During the day at school, we also took advantage of the breaks to enjoy ourselves. I cannot recall having to take extra lessons until a year or two before I was due to write the Common Entrance Examinations.
The pressure came the closer it got to Common Entrance. All around you were talks of “top schools,” with the expectation that you would be placed in one of those schools. I remember how nervous I was when I wrote Common Entrance and I cannot remember completing any of the papers. In my day, you had 60 questions and 60 minutes to answer. As a child who liked to take my time to analyse things, the time just wasn’t enough for me. I remember feeling disappointed in myself because having not completed my papers, I was worried for weeks about how it would affect my marks and placement. Eventually, when the results were released, I was the top of my school and my village, but had not placed at the school I desired and the disappointment continued. There I was, as a child who had done well, but yet still it did not feel good enough because I was not going to go to the “top school” I wanted to. Now, imagine the plight of those considered “dunce.”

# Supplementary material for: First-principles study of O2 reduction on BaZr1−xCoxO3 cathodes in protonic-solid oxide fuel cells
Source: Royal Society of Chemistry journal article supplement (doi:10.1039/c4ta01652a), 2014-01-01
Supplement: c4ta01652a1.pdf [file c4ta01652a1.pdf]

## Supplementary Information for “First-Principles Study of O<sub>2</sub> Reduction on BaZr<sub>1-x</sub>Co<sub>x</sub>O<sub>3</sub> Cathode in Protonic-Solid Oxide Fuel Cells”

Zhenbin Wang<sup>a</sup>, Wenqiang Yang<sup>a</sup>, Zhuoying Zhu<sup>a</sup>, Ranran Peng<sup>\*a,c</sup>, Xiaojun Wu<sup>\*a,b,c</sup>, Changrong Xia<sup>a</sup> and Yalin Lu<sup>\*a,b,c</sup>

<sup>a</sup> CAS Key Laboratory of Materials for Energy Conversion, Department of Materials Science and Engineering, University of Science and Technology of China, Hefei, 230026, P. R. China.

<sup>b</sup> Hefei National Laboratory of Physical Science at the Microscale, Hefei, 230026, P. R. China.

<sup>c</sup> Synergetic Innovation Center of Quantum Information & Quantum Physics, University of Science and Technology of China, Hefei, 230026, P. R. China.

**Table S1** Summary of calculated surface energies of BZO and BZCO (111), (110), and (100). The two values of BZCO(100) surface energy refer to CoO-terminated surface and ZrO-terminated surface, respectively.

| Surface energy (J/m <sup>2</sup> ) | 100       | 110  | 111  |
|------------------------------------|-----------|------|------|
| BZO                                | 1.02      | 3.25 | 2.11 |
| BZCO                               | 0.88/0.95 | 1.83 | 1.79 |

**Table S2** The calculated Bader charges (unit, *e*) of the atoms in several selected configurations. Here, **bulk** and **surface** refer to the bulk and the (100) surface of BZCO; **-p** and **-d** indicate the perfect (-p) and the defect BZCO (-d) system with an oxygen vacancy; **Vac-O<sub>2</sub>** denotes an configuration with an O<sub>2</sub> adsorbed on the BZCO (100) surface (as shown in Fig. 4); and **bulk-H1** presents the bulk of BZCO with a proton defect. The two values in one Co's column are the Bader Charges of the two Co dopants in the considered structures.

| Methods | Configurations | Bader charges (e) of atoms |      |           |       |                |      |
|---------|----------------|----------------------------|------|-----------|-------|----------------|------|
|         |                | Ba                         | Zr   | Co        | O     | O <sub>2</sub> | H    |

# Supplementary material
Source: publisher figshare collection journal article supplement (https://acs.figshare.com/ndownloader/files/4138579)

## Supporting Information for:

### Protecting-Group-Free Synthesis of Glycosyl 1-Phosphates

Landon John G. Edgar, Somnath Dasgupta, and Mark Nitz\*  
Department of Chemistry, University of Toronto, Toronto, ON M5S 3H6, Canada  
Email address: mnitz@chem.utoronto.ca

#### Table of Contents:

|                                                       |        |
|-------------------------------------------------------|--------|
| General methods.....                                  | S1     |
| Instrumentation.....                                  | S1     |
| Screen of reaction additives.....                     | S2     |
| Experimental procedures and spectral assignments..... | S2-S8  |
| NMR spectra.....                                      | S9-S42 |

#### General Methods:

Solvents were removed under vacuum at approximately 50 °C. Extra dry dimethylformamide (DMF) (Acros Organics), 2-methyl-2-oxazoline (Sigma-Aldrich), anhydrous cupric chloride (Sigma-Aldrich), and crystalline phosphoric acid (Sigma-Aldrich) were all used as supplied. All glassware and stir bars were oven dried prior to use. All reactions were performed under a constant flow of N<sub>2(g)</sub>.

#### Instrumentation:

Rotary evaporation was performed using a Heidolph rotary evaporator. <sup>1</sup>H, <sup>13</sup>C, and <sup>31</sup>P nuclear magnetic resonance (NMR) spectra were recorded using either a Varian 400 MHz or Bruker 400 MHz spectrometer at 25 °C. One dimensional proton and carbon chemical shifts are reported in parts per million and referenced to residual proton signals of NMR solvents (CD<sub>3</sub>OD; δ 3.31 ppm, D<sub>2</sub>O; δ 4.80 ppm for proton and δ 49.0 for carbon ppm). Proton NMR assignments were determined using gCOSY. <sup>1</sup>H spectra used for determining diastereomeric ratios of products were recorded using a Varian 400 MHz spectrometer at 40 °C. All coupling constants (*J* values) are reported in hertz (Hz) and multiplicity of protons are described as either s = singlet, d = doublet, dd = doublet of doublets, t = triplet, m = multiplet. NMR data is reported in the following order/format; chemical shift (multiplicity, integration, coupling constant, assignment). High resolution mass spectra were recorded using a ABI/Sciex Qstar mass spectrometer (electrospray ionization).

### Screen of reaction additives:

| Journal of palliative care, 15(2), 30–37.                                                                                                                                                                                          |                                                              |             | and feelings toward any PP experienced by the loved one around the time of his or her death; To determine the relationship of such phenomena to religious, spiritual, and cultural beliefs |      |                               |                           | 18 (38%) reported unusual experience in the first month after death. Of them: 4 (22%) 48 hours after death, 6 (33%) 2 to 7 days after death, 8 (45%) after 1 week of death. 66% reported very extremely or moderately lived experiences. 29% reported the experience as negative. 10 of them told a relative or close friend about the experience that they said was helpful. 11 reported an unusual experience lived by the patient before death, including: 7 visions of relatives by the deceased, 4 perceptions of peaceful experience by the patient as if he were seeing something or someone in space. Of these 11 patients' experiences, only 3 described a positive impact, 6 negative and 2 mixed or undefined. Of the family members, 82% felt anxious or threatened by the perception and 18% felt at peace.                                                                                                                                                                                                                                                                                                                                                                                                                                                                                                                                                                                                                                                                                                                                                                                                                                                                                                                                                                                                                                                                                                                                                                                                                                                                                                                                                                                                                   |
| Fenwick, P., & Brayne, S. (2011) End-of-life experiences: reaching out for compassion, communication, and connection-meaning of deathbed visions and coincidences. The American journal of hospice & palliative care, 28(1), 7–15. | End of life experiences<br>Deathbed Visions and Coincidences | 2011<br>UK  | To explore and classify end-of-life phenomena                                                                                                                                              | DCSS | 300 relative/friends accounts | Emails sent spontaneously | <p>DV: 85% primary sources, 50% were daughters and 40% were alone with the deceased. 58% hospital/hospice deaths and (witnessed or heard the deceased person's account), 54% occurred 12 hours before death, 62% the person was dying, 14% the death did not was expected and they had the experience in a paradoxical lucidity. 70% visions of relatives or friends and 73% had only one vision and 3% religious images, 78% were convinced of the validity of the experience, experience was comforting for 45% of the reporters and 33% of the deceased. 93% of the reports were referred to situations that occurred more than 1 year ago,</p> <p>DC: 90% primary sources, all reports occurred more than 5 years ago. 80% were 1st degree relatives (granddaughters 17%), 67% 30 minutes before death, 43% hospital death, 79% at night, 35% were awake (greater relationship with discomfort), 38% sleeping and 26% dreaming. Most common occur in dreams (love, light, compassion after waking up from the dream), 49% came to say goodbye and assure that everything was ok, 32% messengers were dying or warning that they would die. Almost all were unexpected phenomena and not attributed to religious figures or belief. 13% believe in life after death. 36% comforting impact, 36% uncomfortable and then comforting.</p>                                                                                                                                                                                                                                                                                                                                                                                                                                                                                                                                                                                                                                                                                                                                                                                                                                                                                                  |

Today, many young children attend hours of extra lessons and hardly find time to play as they prepare for Grade Six Examinations, all in the hopes of being placed in a “top school.” There has been a lot of talk about the pressure parents are putting on their children and many believe that some parents are living vicariously through them. I do think there is truth to that, but maybe we are too quick to judge some of those parents. After all, who doesn’t want the best for their children? In the society we live in, being the best equals going to one of the “top schools.” Maybe some of the parents were called “dunce” or felt disappointed by the way they turned out. Maybe some just want to be able to brag about their children. Whatever the reason is, the children are the ones who should matter and they should not be robbed of a balanced childhood.